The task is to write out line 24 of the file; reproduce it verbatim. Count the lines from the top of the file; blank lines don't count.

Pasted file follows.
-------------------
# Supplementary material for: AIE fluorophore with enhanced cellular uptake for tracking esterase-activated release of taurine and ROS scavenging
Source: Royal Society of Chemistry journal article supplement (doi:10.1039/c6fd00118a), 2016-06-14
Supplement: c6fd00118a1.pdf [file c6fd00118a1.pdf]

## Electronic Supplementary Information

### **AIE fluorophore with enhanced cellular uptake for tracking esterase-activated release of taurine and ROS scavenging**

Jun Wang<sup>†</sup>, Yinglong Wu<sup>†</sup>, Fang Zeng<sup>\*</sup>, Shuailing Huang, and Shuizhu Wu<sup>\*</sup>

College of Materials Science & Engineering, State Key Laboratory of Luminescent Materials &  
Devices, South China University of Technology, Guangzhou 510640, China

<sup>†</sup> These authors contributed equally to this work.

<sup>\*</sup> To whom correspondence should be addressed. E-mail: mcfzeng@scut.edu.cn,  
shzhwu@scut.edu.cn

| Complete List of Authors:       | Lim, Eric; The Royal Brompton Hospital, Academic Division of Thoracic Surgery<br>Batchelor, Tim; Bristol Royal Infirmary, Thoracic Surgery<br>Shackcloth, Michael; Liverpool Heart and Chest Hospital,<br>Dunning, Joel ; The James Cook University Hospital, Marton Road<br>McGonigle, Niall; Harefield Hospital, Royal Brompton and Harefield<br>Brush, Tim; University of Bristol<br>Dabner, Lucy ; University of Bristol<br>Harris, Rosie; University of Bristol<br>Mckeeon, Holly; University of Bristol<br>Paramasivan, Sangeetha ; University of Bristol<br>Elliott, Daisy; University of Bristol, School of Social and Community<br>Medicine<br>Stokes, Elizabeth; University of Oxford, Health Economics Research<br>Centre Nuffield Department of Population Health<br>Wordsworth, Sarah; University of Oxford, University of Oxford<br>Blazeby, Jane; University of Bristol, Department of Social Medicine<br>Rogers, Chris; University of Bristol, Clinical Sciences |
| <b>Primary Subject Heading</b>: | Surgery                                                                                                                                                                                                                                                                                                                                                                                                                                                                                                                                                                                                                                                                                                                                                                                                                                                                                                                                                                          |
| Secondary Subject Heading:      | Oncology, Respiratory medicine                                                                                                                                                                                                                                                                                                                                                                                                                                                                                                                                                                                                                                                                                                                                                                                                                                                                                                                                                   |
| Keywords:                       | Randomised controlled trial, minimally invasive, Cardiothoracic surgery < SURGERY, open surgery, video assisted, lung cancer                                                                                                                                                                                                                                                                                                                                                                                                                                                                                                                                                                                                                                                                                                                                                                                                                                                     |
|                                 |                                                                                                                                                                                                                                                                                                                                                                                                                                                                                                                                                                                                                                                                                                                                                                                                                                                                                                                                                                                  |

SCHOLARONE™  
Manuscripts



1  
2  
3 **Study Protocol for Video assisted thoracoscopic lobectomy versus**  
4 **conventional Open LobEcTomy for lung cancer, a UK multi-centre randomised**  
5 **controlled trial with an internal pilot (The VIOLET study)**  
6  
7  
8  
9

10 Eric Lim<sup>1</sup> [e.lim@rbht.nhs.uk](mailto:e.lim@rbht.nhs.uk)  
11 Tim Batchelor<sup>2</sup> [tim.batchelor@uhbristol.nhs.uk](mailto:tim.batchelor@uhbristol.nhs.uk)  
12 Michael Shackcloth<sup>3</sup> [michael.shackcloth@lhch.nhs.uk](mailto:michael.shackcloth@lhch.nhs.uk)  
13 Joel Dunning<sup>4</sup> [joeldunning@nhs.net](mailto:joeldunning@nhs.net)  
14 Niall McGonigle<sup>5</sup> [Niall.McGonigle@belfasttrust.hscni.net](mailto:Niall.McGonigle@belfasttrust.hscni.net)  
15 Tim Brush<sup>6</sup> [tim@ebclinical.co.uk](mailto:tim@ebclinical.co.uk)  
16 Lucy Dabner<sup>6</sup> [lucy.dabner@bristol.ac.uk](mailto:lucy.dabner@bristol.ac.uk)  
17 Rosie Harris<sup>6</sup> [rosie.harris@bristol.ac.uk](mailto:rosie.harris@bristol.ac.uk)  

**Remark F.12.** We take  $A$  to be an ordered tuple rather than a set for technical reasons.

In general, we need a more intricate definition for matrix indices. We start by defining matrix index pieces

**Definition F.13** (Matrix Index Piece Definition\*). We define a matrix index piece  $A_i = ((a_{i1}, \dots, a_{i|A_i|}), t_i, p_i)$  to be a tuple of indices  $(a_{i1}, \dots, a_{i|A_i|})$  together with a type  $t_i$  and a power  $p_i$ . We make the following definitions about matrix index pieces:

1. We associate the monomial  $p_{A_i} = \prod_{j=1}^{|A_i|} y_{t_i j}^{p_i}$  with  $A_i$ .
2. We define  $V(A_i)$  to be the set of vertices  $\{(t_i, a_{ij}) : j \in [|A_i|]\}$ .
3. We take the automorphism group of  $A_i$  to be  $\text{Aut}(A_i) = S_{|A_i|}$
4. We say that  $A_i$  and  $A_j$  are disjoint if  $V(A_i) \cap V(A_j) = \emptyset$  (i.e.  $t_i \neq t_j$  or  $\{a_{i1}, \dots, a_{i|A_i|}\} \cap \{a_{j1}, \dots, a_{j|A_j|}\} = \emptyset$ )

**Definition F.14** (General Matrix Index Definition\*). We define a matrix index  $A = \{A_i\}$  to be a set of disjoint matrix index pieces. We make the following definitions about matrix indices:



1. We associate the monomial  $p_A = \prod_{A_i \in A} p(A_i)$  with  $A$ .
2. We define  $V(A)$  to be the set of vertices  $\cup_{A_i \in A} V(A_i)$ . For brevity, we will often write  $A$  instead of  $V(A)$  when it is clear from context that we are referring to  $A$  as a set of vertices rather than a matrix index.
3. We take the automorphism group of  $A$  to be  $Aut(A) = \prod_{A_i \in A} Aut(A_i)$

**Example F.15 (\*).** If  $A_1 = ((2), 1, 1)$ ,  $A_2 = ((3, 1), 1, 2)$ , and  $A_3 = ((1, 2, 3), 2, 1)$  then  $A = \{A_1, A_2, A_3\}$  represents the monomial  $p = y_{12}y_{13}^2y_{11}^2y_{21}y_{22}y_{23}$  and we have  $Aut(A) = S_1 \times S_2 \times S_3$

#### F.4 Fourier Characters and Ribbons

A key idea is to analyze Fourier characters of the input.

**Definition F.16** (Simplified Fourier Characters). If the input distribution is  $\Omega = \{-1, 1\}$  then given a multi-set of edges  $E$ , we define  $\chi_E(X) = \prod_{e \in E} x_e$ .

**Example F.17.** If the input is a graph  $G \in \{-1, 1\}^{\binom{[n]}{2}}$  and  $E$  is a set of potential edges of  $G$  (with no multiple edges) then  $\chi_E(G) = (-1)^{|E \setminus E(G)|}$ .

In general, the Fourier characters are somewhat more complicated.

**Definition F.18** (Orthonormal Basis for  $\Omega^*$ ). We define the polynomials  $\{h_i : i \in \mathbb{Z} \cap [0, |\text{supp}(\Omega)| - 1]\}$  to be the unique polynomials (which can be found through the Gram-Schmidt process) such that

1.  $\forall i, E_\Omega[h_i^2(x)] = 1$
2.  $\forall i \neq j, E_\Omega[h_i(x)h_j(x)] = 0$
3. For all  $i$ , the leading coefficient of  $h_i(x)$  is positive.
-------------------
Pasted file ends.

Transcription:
6  